— Jonathan Maus: (503) 706-8804, @jonathan_maus on Twitter and email@example.com
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Posted on January 21st, 2021 at 4:51 pm.
Posted on January 20th, 2021 at 10:21 am.
Posted on January 7th, 2021 at 3:46 pm.
Posted on January 5th, 2021 at 4:38 pm.
A former southeast Portland resident who publicly opined about what downtown would be like if we tore out Interstate 5 has been named to two key state legislative committees that oversee transportation.
Representative Karin Power — a Democrat whose district (41) includes the City of Milwaukie and Oak Grove, as well as the Sellwood, Eastmoreland, Westmoreland and Brentwood-Darlington neighborhoods — is now a member of the Joint Interstate 5 Bridge and Joint Transportation committees. She was appointed by Speaker of the House Tina Kotek in a memo finalized this morning (PDF).
The Joint Transportation Committee is an influential body that oversees all major transportation legislation. This is the group that debated and molded the state’s current $5.6 billion transportation funding bill, HB 2017. The I-5 Bridge Joint Committee will play a crucial role in the resurrection of the Columbia River Crossing megaproject, which is now known as the I-5 Bridge Replacement Program.
Posted on December 28th, 2020 at 1:20 pm.
Posted on December 15th, 2020 at 12:14 pm.
When Oregon’s landmark “Bike Bill” passed in 1971, America was in the throes of a major bike boom. 50 years later a group of Portland bike advocates think our current cycling resurgence is the right time to update it
The nonprofit Street Trust has announced plans to seek an amendment to ORS 366.514. This law states “reasonable amounts” of the State Highway Fund must be spent by the Oregon Department of Transportation, “to provide footpaths and bicycle trails… wherever a highway, road or street is being constructed, reconstructed or relocated.” That “reasonable amount” is further defined as a minimum of 1% of the Highway Fund each fiscal year.[Read more…]
Posted on December 9th, 2020 at 11:42 am.
Outgoing City Commissioner Chloe Eudaly addressed the Portland Bicycle Advisory Committee (BAC) last night in a wide-ranging address that touched on the death of her father, expressed regret for not pushing cycling further, offered advice for cycling advocates, and much more. Eudaly, who took over as transportation commissioner in August 2018, lost her re-election bid last month.
During her time at the helm of the Portland Bureau of Transportation (PBOT) Eudaly was a polarizing figure in cycling circles (and beyond) and her remarks last night likely won’t do anything to change that. As PBOT commissioner she spoke forcefully about the negative impacts of cars and drivers in our city, fought against an unpopular freeway expansion project, stood up for Vision Zero, and pushed a progressive transportation agenda that included the “Rose Lane” bus priority program. But Portlanders seem to be split on whether she did enough to move the needle on transportation reform. Road fatalities are at a record level, cycling and transit use are down, and our road user culture is as toxic and scary as it’s ever been.[Read more…]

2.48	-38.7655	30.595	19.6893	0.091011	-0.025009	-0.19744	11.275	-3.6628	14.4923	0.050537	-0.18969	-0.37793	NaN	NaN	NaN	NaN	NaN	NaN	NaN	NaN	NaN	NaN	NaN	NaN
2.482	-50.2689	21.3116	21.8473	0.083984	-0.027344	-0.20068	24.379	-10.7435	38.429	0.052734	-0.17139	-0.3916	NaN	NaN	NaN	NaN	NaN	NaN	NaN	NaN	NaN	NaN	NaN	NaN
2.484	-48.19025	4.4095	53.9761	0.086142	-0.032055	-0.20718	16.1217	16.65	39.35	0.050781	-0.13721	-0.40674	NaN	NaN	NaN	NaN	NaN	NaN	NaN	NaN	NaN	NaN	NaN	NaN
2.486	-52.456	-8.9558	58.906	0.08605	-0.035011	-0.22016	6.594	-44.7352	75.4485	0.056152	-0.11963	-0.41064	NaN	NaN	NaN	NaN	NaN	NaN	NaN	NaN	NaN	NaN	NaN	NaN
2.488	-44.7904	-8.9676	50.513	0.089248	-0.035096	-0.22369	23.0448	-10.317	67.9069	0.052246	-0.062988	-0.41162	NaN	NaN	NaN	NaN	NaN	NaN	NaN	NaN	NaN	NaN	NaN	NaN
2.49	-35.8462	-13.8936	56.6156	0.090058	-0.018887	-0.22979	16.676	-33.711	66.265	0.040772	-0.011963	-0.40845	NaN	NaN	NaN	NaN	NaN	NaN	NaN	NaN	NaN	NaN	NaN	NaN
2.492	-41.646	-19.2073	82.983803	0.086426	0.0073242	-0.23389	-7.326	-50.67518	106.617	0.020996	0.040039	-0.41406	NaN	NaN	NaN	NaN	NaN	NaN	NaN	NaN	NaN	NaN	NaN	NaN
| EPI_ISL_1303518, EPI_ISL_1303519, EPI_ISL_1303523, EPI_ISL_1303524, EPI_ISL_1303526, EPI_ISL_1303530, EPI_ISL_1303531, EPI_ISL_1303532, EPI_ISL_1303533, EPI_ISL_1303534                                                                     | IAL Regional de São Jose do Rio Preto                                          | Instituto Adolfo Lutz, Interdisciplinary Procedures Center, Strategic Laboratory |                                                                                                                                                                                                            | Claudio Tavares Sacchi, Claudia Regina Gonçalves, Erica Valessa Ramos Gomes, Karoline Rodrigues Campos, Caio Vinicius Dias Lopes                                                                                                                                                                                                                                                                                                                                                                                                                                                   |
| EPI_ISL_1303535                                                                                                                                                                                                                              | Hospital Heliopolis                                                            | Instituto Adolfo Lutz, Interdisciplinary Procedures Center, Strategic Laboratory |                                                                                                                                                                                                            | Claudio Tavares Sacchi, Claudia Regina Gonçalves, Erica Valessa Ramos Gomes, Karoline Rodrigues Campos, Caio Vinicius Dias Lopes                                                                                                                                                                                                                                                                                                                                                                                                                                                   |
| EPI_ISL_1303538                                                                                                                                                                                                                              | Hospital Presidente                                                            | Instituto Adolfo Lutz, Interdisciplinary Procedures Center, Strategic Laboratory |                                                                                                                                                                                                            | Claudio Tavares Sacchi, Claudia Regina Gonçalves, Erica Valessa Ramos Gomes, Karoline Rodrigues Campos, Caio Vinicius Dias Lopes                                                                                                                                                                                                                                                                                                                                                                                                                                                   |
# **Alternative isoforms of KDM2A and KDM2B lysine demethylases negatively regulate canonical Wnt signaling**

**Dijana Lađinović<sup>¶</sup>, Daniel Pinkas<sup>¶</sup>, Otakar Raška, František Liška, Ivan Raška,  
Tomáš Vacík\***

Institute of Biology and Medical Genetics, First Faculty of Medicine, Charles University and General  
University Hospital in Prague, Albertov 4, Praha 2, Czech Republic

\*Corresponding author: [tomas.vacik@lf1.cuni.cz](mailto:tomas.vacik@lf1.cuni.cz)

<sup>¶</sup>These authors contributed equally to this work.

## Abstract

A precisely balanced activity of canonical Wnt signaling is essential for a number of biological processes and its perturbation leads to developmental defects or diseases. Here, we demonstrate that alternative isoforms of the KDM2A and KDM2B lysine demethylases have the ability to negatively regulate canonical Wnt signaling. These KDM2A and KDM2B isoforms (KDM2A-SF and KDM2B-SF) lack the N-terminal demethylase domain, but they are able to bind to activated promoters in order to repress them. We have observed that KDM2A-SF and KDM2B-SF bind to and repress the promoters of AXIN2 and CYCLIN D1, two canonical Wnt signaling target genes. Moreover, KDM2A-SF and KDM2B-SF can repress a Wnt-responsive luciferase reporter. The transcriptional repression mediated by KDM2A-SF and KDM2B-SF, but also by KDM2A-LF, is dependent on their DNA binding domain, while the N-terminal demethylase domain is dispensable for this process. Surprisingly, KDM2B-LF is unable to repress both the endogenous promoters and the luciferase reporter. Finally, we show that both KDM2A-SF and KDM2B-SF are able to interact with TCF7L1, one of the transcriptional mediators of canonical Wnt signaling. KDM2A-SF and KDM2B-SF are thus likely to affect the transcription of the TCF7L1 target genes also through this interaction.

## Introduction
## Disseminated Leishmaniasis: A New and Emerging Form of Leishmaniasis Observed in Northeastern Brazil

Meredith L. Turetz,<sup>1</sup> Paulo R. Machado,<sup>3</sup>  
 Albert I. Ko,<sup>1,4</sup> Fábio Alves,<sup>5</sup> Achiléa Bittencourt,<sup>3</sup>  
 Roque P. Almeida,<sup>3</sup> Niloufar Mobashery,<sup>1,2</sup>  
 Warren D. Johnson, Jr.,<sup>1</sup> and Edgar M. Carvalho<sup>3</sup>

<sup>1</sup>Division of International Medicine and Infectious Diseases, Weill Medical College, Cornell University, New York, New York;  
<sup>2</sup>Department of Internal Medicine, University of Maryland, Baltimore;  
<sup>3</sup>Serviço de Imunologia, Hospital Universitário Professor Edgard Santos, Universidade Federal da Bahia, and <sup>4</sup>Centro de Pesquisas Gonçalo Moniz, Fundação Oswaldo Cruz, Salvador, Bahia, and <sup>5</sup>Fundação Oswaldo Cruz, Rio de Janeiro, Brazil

Posted on December 4th, 2020 at 11:42 am.
City Commissioner Chloe Eudaly is on the agenda of the Portland Bicycle Advisory Committee (BAC) Tuesday night. It will be the final time the BAC hears from the commissioner-in-charge of the transportation bureau and an opportunity for her to cement a legacy. When it comes to cycling, many of us will likely recall a tenure that delivered a lot of promise and solid progress on key issues, but missed out on cycling-specific opportunities.
Here’s a look back at Eudaly’s time as transportation commissioner.
Despite being seated as commissioner in January 2017, Eudaly wasn’t given the Bureau of Transportation (PBOT) portfolio by Mayor Ted Wheeler until August 2018. That gave a political newcomer just over two years to steer the PBOT ship, a rather large vessel with over 1,000 employees and an annual budget of $570 million. PBOT is one of the most difficult agencies to oversee not just because of its size, but because how we get around intersects with so many other controversial and emotionally fraught issues such as racism, policing, income/geographic equity, and an entrenched resistance to change the driving-centric status quo. Eudaly also took the helm of PBOT at a time when the transportation issue carried much less political heft than in past eras.
Given this context, Eudaly handled the assignment well. She (and her Chief of Staff Marshall Runkel and Policy Director Jamey Duhamel) plunged into the topic head-first by participating in the widely-respected Portland Traffic and Transportation class at Portland State University. Eudaly also proved early on that just because she didn’t have a deep transportation policy background, she would not be afraid to go up against those who did. [Read more…]